Balkinization  

Wednesday, July 29, 2009

Have Wives' Rights to Abortion Undermined Marriage?

JB

In the abstract to William Van Alstyne's latest piece on marriage and abortion rights, he tantalizes the reader saying that he will discuss the "irony" of recent attempts to ground the abortion right in equality for women. (Here I should note that Van Alstyne was inspired by reading my 2007 article Abortion and Original Meaning, which he found "more paradoxical than persuasive.")

What is the irony? Van Alstyne points out that under today's Supreme Court doctrines, husbands can't stop their wives from having abortions when they are the biological father. In this respect, they are no different from unmarried fathers. Marriage today gives married men no special or additional rights to stop their wives from having abortions. Alstyne sees this lack of additional powers to husbands as showing a lack of respect for the special importance of marriage. Or as Van Alstyne puts it, "marriage has been so far marginalized by the Supreme Court to the point that it now holds the view that one who has concieved a child in marriage with his wife has no more standing to claim an interest in the well being of the child thus conceived than the most casual male acquaintance with whom she may have had an equally casual one night stand affair (namely, virtually none at all.)."

So why does this show the irony in grounding abortion rights in equality, you might ask? Well, Van Alstyne argues that in various cases the Supreme Court has held that men and women have equal rights in marriage. He cites as examples the 1970s sex equality cases like Frontiero v. Richardson and Califano v. Goldfarb-- cases in which the Supreme Court held that disparities in spousal benefits between husbands and wives violated constitutional guarantees of equality (in this case, the equal protection component of the Due Process Clause of the Fifth Amendment). A related example is Orr v. Orr, which held that alimony only for wives and not for husbands violates equal protection. Van Alstyne seems to be saying: how can abortion be an equality right if sex equality requires equality within marriage?

Similarly, Van Alstyne argues, suppose the state gives husbands and wives the right to block an abortion, (which, in effect, gives the husband a right to block an abortion, since the wife already has the right not to have an abortion under Roe v. Wade.). Van Alstyne argues that all this statute does is treat husbands and wives equally in marriage. So how can the woman claim that this statute would violate equal protection of the laws? In Van Alstyne's view, she is in exactly the same position as her husband. Is the equality argument that she is in a worse position than an unmarried woman? But she is married, Van Alstyne explains, so it's a different situation.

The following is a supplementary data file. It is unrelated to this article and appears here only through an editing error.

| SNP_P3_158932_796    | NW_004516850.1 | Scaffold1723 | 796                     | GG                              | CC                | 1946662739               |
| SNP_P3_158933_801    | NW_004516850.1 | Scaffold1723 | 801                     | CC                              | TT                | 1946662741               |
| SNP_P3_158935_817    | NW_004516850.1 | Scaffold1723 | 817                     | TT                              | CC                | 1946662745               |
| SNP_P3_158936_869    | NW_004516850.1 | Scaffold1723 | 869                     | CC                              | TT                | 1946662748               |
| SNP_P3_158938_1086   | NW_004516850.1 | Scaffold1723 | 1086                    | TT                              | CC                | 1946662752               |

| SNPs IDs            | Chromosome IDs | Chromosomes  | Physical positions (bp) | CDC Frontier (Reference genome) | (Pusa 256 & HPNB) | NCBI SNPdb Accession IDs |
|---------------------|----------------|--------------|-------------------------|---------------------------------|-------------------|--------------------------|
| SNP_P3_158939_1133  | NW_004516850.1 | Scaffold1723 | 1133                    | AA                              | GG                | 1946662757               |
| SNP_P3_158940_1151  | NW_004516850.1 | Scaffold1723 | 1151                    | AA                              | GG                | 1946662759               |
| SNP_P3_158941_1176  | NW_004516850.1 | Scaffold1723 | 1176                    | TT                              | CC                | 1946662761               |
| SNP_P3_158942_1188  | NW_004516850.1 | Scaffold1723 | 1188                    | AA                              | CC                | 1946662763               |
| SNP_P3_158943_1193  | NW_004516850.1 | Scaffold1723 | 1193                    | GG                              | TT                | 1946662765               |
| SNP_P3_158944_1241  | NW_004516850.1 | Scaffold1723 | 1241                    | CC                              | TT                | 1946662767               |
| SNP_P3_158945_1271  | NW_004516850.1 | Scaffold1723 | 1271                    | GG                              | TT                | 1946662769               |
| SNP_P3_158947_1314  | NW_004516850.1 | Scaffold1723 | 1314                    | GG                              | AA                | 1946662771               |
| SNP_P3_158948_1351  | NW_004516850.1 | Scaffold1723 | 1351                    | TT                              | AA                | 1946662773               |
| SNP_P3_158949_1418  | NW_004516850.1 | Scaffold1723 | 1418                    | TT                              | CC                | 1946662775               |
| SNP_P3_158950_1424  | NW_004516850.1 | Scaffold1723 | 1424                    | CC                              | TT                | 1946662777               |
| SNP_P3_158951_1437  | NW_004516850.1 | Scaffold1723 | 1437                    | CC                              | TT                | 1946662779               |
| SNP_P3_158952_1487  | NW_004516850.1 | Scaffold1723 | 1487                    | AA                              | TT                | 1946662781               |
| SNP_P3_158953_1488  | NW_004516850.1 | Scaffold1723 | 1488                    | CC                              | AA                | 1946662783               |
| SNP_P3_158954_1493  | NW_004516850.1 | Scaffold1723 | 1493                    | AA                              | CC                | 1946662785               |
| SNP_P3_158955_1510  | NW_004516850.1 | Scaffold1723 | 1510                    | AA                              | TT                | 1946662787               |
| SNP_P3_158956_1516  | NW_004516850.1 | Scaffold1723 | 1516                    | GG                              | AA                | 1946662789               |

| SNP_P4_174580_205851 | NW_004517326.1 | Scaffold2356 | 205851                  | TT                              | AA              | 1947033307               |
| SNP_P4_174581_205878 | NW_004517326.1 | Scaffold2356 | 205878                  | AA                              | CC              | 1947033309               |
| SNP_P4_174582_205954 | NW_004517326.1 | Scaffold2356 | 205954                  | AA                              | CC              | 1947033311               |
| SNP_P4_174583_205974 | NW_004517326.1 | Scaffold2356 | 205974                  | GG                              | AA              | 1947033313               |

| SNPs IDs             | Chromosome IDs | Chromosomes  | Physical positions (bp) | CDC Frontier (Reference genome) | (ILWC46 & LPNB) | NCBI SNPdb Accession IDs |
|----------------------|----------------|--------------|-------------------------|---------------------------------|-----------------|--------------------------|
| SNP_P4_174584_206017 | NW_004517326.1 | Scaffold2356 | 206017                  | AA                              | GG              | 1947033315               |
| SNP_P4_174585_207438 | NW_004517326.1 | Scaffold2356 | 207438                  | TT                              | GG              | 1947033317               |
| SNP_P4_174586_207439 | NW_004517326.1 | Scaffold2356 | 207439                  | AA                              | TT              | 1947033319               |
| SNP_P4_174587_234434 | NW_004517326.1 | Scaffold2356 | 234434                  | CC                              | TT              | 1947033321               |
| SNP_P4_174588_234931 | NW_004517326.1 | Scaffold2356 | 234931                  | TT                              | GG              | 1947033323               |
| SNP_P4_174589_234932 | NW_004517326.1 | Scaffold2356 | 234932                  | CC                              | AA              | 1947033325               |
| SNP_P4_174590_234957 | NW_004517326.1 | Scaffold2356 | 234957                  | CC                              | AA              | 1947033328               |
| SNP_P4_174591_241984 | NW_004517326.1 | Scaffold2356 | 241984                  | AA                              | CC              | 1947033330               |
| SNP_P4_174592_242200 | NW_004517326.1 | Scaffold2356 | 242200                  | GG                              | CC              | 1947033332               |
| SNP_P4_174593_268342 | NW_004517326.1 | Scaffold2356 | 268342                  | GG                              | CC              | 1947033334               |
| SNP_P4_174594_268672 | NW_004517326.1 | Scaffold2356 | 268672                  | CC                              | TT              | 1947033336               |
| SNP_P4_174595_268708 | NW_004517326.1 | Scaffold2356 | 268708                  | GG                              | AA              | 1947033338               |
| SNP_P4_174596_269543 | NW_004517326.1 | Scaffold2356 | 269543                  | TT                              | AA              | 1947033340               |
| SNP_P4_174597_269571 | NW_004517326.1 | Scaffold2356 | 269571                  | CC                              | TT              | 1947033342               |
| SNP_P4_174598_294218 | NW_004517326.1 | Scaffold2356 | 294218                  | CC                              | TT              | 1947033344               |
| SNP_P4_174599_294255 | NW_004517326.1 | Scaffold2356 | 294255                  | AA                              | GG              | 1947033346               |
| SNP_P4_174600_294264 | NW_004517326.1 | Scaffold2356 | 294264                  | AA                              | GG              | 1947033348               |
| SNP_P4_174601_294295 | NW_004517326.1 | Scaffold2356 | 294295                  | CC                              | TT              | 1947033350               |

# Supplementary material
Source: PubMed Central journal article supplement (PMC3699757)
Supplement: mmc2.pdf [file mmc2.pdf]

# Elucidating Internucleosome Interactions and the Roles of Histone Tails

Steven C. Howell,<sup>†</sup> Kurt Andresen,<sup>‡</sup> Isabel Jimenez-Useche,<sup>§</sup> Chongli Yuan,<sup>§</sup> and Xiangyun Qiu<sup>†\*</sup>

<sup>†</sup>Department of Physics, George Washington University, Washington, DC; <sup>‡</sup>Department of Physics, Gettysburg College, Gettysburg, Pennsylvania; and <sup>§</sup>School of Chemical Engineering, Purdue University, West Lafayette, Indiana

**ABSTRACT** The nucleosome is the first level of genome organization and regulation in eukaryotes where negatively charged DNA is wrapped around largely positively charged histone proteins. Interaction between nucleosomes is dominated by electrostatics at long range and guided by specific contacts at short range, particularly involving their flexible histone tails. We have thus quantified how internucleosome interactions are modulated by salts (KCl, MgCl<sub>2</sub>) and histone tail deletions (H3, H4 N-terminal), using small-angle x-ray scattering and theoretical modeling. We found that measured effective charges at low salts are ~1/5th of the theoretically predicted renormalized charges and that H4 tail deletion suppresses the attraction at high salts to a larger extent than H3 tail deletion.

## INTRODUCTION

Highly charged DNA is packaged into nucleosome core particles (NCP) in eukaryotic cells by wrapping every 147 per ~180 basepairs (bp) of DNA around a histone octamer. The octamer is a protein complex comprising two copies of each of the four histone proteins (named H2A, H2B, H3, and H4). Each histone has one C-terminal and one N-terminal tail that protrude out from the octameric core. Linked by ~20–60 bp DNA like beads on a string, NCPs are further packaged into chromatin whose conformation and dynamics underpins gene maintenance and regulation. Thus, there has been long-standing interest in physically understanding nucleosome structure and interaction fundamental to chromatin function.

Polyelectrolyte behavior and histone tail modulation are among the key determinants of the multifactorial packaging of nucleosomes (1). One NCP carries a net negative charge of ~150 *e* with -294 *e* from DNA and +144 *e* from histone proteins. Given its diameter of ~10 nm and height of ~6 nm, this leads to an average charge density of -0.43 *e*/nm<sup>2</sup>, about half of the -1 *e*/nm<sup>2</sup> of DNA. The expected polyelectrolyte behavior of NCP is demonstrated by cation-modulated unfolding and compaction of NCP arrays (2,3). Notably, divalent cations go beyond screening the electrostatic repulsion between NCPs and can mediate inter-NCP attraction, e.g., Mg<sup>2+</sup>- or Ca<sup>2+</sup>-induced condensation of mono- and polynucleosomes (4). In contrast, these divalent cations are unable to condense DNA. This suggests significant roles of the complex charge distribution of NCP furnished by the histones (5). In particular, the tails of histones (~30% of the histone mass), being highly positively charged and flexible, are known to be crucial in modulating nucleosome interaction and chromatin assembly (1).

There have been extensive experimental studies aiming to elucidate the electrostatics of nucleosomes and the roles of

Indeed, Van Alstyne argues, if there is an equal protection claim, it belongs to the husband, for "that claim would more compellingly belong to the bereft father whose 'rights' in the well-being of his child conceived in marriage are zero as against those of the mother who may either carry it to term or 'terminate' the gestating child for whatever reason is satisfactory to herself irrespective of her husband's feelings and irrespective of any representations or promises she made when they married and conceived the child by mutual choice."

So the "irony" is that the equality argument for abortion gives married women more rights with respect to abortions than married men have. And,Van Alstyne asks, how can an equality argument give women more rights than men in marriage?

The answer to this question is that the equal protection clause does not merely protect formal equality between the sexes. It protects substantive equality as well. That is, the equal protection clause has an antisubordination component. It also reaches laws that have the purpose or effect of creating or maintaining socially subordinate groups, whether they are racial minorities or women. The idea that the fourteenth amendment is designed to dismantle caste and social subordination goes all the way back to the framing of the Fourteenth Amendment; it also appears in Brown v. Board of Education.

The antisubordination theory has the disadvantage of being messy and difficult to measure and apply. But it has the advantage of being far more connected to social realities. The basic idea is this: Although it normally takes a man and a woman to make a baby, the woman carries the baby, and bears the risks and hardships that accompany even a normal pregnancy. Moreover, even after birth, sex roles place much heavier expectations on her to engage in child care. Those expectations impose obligations on most women that they do not impose on most men. This is especially true for women who are not affluent and cannot afford full time child care. The right to decide whether to have an abortion rests with women, and not with men, because women, and not men, need that right to enjoy equal citizenship with men.

Van Alstyne's considers a hypothetical statute that gives husbands and wives the ability to block an abortion if the blocking party is willing to provide "appropriate support" for the child. He argues that the statute treats the sexes equally and also promotes marriage because it gives married couples (actually married men) rights that single persons do not have. It is true that the statute appears to treat husbands and wives formally equally, but in practice, it gives men considerable power in their relationship with their wives.